As we drive into Astoria, there are anti-LNG signs everywhere. You almost can't drive a block without seeing one. Pulling up to the public library for the event, I notice a crowd outside. Some of the crowd is wearing the dark red anti-LNG shirts. Others are wearing pro-LNG shirts. Ut-oh.

We unloaded and went inside. This event was scheduled as a town-hall style meeting. I'm wondering if there's going to be a ruckus between the pro and anti LNG forces. As I prepare to set up my laptop in the back of the room, I overhear a woman ask if this is place to "hear Russ Walker" (Oregon GOP Vice-Chair and head of state chapter of Freedomworks). She's wearing a bejeweled, red/white/blue "McCain" broach. She's apparently friendly with the couple to whom she made the inquiry. They inform her that its Merkley, Avakian and Witt. She makes a face and sneers, "You're not voting for Merkley, are you?" They tell her that they don't know yet. They're here to listen.

Things get underway with Brad Witt introducing himself and then crediting Avakian and Merkley for helping him do the good work in the legislature that folks there give him credit for. Introduces Avakian--who talks about his role as Labor Commissioner (some folks look puzzled--I heard a few say they didn't realize that this was an elected position). Avakian then introduces Merkley.

Merkley makes a few short remarks about his time in the legislature, those successes and why he's running for Senate. Then he asks for questions from the audience.

I fully expected that there would be a long and extended discussion of the LNG issue. Not one person brought it up. Questions ranged broadly from national to local issues--from the ABM Treaty to undocumented workers to alternative energy and tax credits.

This crowd is quick with the applause. Each of the candidates has an opportunity to answer questions..they're generous with the time. More applause. A few cheers. The couple who came in to listen sit quietly in the back of the room--no applause..but some big smiles a few times. Nice.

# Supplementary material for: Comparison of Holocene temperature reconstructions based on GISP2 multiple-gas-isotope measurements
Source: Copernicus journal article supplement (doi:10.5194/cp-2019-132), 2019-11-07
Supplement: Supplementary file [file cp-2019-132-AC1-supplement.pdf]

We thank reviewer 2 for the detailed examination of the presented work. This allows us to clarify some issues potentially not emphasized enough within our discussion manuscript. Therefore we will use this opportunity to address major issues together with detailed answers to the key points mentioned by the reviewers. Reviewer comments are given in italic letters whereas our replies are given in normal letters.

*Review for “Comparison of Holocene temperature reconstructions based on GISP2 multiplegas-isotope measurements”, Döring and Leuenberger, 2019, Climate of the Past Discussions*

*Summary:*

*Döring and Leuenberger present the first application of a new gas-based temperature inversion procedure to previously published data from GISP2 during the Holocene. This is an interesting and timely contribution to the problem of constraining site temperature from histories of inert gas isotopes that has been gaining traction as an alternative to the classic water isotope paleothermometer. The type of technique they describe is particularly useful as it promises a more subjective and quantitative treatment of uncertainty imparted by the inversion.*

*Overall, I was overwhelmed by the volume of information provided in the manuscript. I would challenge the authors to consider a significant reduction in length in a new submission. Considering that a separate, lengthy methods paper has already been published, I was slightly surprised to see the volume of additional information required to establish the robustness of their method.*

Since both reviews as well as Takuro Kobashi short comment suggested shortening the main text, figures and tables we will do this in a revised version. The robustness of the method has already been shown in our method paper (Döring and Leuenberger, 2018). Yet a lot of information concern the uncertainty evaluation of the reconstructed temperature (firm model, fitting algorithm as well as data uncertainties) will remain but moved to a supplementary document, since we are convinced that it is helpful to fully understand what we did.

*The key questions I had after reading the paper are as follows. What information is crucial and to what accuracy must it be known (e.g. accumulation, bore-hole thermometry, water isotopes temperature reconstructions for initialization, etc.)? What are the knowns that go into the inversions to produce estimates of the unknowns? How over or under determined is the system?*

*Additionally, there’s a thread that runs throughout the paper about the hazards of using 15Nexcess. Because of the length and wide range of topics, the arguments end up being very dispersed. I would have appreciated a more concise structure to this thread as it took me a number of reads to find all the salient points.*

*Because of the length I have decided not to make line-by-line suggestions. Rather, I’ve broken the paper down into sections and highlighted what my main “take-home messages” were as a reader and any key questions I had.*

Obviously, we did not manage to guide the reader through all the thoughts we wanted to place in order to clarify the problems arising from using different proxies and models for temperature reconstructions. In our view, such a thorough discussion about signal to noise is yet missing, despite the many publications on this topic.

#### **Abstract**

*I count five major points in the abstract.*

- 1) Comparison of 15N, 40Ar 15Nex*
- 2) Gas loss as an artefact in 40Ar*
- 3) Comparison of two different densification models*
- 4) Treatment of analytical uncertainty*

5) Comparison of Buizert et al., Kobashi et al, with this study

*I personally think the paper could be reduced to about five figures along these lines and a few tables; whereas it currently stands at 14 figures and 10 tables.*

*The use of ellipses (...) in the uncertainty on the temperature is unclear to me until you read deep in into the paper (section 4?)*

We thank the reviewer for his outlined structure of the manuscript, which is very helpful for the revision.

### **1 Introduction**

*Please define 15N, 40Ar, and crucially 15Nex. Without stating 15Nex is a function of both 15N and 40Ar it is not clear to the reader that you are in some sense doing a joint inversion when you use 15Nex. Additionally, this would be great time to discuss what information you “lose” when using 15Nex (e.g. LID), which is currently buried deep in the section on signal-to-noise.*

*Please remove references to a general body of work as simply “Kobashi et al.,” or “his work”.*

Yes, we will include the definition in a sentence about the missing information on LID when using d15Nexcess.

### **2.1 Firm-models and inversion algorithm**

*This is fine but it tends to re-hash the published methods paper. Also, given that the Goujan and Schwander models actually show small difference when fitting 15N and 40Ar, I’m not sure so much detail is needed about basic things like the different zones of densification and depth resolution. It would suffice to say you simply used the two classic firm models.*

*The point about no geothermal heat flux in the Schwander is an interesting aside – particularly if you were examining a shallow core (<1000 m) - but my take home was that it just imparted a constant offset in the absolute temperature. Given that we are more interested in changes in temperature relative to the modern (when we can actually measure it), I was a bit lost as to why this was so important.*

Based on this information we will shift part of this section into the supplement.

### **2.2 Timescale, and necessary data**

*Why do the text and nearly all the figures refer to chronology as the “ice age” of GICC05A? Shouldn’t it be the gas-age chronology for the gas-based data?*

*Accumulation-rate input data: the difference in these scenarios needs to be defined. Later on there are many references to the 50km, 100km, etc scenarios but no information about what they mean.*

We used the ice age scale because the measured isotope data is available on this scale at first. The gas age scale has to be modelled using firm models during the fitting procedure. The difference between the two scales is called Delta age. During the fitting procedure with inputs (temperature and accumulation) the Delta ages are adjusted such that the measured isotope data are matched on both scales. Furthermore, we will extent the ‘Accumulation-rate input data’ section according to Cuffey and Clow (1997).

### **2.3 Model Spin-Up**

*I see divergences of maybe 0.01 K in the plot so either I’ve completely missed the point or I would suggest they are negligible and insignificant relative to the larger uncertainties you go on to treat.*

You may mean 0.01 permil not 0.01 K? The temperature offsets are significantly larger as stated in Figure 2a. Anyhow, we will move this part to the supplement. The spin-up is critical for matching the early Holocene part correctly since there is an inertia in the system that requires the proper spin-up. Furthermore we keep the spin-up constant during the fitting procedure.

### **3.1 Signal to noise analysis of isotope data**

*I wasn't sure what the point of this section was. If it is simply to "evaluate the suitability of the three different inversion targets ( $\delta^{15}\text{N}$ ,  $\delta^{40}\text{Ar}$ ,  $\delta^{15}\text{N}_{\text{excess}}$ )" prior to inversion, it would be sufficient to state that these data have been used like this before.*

Here's a photo of the event (that's Merkley, with Brad Witt on the left):


Great crowd. Filled up the room easily.

After the event the candidates lingered to talk with attendees, take photos, etc. Now we're late. Staffers are starting to look at their watches. Phone calls are being made. I get to ride with Merkley this leg so I can interview him (which I'll write up later in the week)--so we all rush out to the car. We're now almost 30 minutes behind schedule. Spotty cell service so its tough to get a hold of the Vernonia folks.

We arrive in Vernonia--pull up to City Hall. The mayor is here. She's all smiles. "Have you got more of those Merkley yard signs? I can distribute every one that you brought." Wow. There's a small group in front, waiting with the mayor. This is billed as a "main street walk" to give the candidates a chance to check out the town. Vernonia is tiny--3 blocks in the whole downtown, tops. Its lovely here--the trees are incredible. We begin the walk as the mayor and the rest of the group talk about their burg. We stop in front of a shop that has photos in the window of the devastating flooding in Vernonia last winter. The feds haven't been especially helpful in the recovery, they tell us. FEMA isn't so snappy.

We've now been at it nonstop for nine hours. Merkley has to go, so we all pile into the cars to head back. My feet hurt (wrong shoes). I'm tired, too. And dammit, I think I'm hungry again.

How do these guys do this all day, every day?

The Vernonia entourage thanks the candidates profusely for coming all the way out to their town. They don't get a lot of visits from campaigns, apparently. They really are grateful that these candidates took the time to come out there and listen to them.

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    That's all well and good Carla, but when is the Merkley campaign going to get out into the rural areas and get face to face with the voters.

    Just blue skying here, but maybe they could call it the "Hundred Town Tour" or something like that.......

    Just sayin'..........

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    when is the Merkley campaign going to get out into the rural areas and get face to face with the voters?

    Umm... did you read the post? That's exactly what it was about. Vernonia's pretty dern rural.

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    Thanks, Carla - this is a great description of a day on the campaign trail! Maybe "Sam" can provide the same for a day with Gordon Smith. Oh, wait...the Senator doesn't get out much.